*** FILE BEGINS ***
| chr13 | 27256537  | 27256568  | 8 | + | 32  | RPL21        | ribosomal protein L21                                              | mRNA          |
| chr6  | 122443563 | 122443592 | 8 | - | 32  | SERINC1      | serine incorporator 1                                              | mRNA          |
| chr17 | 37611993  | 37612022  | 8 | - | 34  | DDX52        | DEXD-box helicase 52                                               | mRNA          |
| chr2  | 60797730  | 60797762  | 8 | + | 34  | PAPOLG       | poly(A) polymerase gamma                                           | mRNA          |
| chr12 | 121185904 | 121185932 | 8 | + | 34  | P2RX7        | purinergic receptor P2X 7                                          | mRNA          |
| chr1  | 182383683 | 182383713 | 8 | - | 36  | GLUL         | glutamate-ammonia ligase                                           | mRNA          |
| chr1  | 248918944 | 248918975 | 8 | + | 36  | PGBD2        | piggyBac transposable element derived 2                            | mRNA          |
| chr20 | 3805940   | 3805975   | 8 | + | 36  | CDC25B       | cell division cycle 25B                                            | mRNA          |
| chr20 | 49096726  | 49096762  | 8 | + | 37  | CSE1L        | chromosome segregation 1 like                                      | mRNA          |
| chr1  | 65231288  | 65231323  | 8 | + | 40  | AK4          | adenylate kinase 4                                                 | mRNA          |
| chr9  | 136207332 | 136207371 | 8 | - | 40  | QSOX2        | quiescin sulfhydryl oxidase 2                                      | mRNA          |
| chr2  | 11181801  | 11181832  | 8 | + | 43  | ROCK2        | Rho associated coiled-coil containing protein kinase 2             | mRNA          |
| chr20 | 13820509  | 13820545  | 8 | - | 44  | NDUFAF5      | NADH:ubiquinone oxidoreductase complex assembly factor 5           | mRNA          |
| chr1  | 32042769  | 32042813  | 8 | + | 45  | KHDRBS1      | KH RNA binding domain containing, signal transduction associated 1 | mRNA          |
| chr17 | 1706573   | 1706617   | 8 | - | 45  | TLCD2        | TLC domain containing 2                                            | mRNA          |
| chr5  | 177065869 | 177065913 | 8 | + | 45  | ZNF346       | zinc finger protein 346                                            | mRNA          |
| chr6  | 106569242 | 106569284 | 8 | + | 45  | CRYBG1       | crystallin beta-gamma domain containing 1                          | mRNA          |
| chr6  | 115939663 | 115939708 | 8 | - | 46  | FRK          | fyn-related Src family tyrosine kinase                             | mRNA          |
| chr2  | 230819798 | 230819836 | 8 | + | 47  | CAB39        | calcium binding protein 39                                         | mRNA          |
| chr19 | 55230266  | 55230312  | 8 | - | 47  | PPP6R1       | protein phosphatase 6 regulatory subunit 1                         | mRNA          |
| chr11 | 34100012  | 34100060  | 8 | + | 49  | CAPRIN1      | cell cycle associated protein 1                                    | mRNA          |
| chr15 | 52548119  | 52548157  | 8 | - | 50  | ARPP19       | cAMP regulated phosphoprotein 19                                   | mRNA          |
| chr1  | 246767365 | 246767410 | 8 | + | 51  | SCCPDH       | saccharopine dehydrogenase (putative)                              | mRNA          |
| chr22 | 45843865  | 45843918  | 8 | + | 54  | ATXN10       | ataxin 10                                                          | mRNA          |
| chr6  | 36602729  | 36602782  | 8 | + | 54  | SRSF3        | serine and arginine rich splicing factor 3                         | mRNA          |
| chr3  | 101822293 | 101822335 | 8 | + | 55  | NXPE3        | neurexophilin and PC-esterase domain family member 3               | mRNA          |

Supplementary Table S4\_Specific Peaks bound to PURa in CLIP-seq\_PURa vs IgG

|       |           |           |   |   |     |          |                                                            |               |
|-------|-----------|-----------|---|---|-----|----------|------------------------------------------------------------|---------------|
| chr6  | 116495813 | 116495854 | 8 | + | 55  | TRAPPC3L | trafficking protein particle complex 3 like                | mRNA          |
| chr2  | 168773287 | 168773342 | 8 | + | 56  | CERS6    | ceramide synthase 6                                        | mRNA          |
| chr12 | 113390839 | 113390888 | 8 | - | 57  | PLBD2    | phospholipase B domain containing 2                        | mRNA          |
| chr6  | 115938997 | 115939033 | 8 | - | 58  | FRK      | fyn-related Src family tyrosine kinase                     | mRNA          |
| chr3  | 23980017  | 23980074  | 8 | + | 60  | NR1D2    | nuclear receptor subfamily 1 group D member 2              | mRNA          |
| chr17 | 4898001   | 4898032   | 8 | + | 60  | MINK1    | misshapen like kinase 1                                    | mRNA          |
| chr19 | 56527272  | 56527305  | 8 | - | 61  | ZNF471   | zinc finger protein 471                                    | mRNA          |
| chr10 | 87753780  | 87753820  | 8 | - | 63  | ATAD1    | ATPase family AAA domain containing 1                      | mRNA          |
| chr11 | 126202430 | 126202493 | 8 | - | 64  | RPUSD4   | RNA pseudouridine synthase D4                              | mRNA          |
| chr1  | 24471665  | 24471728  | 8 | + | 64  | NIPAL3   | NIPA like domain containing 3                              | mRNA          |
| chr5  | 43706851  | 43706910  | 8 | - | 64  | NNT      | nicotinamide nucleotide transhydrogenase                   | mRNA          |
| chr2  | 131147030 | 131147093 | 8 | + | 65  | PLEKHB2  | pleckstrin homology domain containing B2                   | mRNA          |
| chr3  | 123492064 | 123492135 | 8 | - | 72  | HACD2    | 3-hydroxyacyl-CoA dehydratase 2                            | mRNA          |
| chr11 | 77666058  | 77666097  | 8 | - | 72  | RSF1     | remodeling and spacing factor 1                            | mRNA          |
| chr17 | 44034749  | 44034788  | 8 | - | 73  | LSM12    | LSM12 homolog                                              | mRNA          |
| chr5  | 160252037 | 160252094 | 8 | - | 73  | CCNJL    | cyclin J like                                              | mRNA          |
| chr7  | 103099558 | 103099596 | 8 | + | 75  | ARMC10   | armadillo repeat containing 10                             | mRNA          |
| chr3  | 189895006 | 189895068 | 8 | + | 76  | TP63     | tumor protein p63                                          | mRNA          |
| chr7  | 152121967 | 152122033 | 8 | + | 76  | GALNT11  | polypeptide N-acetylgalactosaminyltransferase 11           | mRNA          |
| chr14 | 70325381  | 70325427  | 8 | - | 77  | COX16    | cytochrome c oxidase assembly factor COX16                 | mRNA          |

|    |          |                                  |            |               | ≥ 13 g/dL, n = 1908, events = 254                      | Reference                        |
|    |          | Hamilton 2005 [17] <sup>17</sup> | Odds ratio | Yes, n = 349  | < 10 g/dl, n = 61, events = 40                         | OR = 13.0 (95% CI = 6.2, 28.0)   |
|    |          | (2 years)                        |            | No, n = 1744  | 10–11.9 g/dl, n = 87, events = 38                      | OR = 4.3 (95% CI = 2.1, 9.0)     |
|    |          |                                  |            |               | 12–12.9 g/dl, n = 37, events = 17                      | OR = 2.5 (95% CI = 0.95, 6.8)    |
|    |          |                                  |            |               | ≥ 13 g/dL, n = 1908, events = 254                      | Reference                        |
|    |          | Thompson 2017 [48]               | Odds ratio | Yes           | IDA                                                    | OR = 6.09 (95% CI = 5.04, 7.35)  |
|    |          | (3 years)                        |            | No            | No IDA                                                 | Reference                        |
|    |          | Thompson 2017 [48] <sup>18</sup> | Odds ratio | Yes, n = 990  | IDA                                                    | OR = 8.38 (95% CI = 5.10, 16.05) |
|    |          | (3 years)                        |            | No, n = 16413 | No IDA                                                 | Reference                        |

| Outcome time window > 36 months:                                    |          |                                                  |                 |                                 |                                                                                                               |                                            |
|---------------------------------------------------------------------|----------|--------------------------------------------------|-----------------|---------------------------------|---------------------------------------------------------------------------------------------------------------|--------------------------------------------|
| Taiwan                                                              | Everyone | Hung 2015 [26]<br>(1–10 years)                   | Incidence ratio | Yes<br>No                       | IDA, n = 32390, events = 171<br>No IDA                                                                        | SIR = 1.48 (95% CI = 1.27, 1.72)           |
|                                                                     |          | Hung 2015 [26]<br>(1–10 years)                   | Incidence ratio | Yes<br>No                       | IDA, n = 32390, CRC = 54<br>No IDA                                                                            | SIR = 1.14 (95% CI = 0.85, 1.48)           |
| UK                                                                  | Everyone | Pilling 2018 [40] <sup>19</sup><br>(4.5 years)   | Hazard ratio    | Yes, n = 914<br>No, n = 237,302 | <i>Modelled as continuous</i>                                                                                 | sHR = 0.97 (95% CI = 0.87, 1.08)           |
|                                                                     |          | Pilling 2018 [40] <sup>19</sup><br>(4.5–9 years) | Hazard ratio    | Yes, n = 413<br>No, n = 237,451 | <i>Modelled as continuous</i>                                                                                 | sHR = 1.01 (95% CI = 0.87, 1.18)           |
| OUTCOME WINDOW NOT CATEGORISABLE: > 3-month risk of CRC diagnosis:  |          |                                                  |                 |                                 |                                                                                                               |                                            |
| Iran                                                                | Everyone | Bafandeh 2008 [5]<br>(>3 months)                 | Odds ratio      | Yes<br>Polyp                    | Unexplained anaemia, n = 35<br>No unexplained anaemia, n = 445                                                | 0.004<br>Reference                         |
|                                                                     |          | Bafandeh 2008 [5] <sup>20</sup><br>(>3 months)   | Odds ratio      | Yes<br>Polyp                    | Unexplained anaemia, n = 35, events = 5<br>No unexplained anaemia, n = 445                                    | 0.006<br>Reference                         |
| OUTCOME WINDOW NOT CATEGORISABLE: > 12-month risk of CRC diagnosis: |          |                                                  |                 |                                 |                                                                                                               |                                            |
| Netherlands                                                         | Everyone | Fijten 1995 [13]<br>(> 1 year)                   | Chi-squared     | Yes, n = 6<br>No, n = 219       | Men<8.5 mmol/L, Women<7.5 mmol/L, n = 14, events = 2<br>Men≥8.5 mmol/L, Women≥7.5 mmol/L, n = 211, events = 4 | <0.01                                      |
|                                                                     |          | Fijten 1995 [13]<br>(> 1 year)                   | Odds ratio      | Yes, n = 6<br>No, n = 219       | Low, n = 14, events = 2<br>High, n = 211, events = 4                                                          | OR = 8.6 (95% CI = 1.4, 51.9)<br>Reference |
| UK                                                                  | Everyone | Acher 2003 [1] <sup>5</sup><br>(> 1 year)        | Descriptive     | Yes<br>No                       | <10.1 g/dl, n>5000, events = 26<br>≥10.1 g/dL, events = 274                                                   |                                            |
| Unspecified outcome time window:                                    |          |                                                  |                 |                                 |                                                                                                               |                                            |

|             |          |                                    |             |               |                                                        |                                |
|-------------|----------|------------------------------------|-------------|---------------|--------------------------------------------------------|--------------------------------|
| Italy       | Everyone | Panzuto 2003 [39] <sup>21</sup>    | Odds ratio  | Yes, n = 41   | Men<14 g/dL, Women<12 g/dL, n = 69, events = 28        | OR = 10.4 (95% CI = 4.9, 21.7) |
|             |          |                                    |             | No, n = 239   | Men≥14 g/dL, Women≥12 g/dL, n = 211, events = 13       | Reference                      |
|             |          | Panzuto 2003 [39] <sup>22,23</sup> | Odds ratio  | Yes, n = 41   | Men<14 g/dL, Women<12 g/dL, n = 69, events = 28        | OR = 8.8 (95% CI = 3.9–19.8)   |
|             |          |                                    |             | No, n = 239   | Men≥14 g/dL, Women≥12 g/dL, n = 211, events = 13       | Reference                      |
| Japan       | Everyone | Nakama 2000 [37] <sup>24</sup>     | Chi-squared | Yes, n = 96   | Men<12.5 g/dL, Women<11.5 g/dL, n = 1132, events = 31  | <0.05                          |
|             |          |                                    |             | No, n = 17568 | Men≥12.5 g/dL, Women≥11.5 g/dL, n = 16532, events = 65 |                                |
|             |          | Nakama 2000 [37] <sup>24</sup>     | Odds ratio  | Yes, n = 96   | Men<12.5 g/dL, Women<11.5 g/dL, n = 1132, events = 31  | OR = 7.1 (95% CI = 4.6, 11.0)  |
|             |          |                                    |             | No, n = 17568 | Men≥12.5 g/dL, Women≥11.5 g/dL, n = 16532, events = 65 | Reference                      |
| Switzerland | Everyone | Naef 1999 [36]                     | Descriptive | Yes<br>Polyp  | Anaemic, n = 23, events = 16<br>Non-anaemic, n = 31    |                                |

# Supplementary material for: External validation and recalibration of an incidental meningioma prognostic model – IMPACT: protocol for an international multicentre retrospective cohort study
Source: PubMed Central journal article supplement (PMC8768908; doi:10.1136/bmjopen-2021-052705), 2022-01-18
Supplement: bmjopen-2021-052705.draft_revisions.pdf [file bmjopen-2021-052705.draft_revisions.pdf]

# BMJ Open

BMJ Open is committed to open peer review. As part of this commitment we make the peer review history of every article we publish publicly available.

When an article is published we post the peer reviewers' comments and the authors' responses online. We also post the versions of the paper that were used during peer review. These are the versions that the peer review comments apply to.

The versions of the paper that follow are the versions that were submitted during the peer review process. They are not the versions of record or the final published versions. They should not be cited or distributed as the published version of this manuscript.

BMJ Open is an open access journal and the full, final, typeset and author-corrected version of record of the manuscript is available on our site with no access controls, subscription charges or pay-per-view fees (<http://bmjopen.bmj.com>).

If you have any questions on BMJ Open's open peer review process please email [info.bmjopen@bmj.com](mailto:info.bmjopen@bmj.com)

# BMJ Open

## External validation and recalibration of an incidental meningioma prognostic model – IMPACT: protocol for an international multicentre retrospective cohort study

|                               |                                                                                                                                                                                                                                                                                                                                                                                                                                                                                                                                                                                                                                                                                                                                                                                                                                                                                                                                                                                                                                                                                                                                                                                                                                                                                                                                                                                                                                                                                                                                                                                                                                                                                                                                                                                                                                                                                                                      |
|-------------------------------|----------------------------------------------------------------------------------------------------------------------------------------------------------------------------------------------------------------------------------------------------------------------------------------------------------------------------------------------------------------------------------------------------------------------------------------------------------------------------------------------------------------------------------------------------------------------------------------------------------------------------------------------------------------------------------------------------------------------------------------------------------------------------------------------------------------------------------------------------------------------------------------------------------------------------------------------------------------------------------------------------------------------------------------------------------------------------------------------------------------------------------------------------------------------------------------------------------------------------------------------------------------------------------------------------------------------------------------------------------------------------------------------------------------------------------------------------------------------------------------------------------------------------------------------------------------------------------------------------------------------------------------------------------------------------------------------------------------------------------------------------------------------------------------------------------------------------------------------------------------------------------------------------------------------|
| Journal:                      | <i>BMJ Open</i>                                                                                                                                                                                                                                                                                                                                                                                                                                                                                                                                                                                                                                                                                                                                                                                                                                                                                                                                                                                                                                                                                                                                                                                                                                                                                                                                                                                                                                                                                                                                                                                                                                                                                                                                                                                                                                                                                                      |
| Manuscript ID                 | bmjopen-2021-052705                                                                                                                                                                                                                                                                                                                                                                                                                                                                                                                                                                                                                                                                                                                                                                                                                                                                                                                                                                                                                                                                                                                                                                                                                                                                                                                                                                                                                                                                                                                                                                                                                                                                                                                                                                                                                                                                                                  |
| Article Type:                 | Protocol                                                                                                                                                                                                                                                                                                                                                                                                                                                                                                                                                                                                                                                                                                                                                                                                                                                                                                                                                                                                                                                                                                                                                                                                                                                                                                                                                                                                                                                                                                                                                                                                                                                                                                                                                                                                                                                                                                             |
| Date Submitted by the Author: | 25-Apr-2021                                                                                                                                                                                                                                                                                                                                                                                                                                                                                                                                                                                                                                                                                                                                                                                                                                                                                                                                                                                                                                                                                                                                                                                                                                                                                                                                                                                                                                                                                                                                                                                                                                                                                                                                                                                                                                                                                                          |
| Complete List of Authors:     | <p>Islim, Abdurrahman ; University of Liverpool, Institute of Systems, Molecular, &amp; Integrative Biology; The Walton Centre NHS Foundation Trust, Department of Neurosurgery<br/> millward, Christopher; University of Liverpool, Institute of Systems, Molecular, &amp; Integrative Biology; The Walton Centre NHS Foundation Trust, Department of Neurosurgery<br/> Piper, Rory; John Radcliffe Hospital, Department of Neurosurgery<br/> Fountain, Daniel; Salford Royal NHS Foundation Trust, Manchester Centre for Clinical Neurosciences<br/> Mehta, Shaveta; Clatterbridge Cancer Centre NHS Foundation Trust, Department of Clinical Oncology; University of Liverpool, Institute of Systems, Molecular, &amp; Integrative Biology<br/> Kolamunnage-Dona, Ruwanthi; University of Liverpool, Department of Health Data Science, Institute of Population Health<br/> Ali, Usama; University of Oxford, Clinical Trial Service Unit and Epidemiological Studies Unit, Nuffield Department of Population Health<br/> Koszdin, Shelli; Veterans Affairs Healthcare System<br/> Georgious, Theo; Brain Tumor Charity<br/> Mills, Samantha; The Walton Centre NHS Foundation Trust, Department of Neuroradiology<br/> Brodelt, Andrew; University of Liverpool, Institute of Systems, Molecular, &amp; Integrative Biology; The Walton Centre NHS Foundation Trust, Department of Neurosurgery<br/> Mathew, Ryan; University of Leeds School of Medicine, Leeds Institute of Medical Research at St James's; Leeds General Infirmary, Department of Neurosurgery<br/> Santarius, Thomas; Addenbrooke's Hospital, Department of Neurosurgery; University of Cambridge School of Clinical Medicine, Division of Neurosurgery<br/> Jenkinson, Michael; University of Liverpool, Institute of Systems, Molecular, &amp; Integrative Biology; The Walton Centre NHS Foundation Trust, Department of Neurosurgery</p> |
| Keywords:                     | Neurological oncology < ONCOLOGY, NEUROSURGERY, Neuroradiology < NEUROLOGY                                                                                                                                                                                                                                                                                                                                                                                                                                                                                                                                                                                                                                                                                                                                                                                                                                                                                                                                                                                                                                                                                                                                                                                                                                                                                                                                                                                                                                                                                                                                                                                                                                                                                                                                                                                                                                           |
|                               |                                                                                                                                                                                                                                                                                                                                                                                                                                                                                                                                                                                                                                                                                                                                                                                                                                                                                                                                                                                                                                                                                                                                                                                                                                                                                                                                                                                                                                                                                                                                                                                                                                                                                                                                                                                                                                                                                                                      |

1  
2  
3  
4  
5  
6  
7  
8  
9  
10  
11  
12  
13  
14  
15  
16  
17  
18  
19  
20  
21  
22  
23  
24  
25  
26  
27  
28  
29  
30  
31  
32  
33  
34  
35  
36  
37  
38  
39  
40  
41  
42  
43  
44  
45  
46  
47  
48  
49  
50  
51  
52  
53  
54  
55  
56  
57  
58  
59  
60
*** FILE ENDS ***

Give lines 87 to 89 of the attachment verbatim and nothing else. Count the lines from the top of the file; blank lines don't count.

# BMJ Open

BMJ Open is committed to open peer review. As part of this commitment we make the peer review history of every article we publish publicly available.

When an article is published we post the peer reviewers' comments and the authors' responses online. We also post the versions of the paper that were used during peer review. These are the versions that the peer review comments apply to.